Download Adobe Reader
Oceanography 112
Home » People » Gary Jacobson » Oceanography 112 » Answers to Ch 8
Print

STUDY QUESTIONS CHAPTER 8

 

1. They are equal in amount, but not equal in type. Incoming is mostly visible light, but outgoing is mostly infrared light.

2. The atmosphere is relatively transparent to short-wave radiation coming from the sun. Most of this energy is reflected back into space or passed on to be absorbed by the earth. The atmosphere is primarily heated by long-wave radiation re-radiated from the earth. The earth absorbs solar energy, mostly in the visible wave lengths, and radiates longer wave (mainly infrared) radiation back. The mechanisms for heat transfer are conduction, convection and the latent heat of evaporation. Water vapor, dust and carbon dioxide are especially adept at absorbing the long-wave radiation emitted by the earth and radiating it back to earth.

3. If the concentration of carbon dioxide in the atmosphere increased, more of the earth's re-radiated heat would be absorbed. It has been estimated that a doubling of atmospheric carbon dioxide would raise the global mean temperature by 1 .50C to 5.50C. Figure 7.6 would show an increased absorption of the long-wave radiation in the atmosphere as well as an increase in the amount of long-wave radiation re-emitted from the atmosphere. The amount of long-wave radiation passing directly though the atmosphere and into space without being absorbed would decrease.

4. The sun’s ray’s are more direct over the equator.

5. Heat is transferred from low latitudes to high latitudes primarily by a complicated system of ocean and air convection currents. Approximately one-third of the heat transfer is accomplished by ocean currents. The other two-thirds is transported by the winds in complicated, interconnected convection currents. Also carried by these winds is a huge burden of water vapor with its stored energy - the latent heat picked up during evaporation. When the vapor condenses, much of this latent heat of condensation is released into the atmosphere.

6. If the latent heat of evaporation magically dropped to 58 cal/g, the heat energy available to be released when the vapor condensed would be only one-tenth what it is now. If at the same time, water's heat capacity was raised to 10 cal/g Co, the ocean currents could carry up to ten times the heat energy they do now. Leaving aside such confusing considerations as the big jump in evaporation under these new conditions, the ocean currents would have the greater role in moving heat energy to high latitudes.

 

7.

wind

8. As the seasons change, the earth heats and cools. Since the specific heat of water is higher than that for land, seasonal temperature changes will be less severe in the ocean than on the continents. So, relative to adjacent continental areas, the oceans will be cooler in the summer and warmer in the winter. The different water vs. land temperatures result in corresponding atmospheric pressure variations, distorting the regular, belt-like pressure systems (see diagram in #1) into more circular pressure zones. High pressure, such as found in the 30o belt, is accentuated over the ocean in summer (Hawaiian high). Low pressure, such as found in the 60o belt, is accentuated over the ocean in winter (Aleutian low) .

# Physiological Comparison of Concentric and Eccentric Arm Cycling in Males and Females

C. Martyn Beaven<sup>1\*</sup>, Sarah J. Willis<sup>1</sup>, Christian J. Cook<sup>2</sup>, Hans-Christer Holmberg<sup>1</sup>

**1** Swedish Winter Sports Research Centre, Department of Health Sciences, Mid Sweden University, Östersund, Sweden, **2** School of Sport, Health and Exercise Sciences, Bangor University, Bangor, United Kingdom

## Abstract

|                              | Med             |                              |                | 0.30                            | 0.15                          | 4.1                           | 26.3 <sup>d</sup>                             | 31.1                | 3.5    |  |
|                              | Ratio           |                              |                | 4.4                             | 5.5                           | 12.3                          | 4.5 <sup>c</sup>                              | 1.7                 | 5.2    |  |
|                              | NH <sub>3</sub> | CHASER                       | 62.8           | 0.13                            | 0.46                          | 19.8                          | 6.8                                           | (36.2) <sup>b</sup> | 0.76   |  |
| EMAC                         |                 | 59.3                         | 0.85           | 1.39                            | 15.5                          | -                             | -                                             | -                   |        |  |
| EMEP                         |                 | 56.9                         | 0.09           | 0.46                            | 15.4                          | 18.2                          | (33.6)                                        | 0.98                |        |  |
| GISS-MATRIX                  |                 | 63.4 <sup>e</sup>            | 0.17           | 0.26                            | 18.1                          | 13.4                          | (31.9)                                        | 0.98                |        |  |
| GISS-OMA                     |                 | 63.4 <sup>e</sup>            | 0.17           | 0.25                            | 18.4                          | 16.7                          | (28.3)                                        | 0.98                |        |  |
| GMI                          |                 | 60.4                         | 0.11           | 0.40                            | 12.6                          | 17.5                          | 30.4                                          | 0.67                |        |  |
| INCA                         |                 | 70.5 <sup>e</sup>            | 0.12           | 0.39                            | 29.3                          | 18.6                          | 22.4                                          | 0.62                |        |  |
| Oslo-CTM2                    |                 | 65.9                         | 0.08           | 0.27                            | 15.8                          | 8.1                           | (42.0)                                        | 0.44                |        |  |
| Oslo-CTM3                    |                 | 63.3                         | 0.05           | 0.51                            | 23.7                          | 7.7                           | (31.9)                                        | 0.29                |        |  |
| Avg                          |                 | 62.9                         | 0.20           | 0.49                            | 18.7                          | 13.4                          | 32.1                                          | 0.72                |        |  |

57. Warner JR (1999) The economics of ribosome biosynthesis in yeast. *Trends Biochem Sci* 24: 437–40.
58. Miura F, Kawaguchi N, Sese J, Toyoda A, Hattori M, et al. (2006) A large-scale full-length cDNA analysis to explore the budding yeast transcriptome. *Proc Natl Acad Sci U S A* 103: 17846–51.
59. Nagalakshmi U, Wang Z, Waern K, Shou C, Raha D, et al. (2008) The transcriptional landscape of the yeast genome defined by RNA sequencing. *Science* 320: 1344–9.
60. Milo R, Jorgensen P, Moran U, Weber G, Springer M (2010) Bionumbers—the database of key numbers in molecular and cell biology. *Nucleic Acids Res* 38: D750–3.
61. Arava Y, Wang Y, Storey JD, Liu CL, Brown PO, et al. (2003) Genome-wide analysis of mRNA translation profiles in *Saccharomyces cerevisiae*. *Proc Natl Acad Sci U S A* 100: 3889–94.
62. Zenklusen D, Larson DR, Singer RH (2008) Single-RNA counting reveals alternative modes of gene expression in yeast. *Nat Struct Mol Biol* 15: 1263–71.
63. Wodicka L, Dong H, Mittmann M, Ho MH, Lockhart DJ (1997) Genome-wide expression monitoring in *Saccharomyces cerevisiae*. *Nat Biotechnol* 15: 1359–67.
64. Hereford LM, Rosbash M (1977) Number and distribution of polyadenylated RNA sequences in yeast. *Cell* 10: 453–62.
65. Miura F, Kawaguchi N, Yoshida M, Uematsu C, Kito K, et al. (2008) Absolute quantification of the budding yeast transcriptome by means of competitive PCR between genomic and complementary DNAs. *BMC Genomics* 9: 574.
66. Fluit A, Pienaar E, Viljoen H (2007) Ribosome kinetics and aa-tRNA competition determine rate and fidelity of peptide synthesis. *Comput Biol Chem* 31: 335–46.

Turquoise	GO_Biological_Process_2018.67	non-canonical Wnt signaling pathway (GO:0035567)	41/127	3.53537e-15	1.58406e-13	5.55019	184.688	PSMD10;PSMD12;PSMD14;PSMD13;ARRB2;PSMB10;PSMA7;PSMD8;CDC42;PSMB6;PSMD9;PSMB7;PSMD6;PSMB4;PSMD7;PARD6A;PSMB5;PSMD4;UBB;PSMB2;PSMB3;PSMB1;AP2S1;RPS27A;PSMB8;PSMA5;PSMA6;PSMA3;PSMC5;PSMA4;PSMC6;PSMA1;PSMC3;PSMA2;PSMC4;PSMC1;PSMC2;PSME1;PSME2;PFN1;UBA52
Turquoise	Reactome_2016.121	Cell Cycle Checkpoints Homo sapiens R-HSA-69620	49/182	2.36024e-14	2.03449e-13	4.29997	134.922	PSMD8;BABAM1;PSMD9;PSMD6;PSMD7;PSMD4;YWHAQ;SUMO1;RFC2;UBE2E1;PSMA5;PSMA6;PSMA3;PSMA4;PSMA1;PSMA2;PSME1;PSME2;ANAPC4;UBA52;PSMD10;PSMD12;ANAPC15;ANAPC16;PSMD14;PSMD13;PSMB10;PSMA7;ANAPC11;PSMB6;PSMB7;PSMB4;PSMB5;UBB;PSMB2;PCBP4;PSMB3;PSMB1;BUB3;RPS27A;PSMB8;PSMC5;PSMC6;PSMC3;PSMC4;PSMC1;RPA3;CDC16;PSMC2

9. Winds blow counterclockwise around LOW pressure systems in the northern hemisphere, but clockwise around them in the southern hemisphere. For high pressure systems, wind directions are the opposite, with clockwise winds in the northern hemisphere and counterclockwise in the southern hemisphere.

10. The polar jet stream flows in the upper atmosphere between the Ferrel and Polar convection cells. Although this stream of rapidly moving air meanders significantly, the overall flow is west to east. If a meander in the jet stream flows toward the equator, speed is traded for angular momentum. The resultant slowing crowds air molecules together (like a traffic jam), piles them up, and forces those at the bottom of the pile downward, thereby inducing high pressure. Low pressure is induced below a pole-bound meander as air rushes upward to fill the space between air molecules moving apart from one another when angular momentum is traded for speed. The great bends in the jet stream act like colossal waves (Rosbey waves) migrating from west to east carrying the induced high and low pressure systems with them.

11. Tropical cyclones occur near the equator within warm air masses. They are not associated with fronts and they generally move from east to west with the trade winds. They have the fastest winds. Extratropical cyclones form at mid-latitudes between warm and cold air masses so they are associated with fronts. They track west to east with the Rosbey waves in the jet stream. Both types of cyclones are associated with low pressure systems.
Last Updated: 01/13/2015
  • GCCCD
  • Grossmont
  • Cuyamaca
A Member of the Grossmont-Cuyamaca Community College District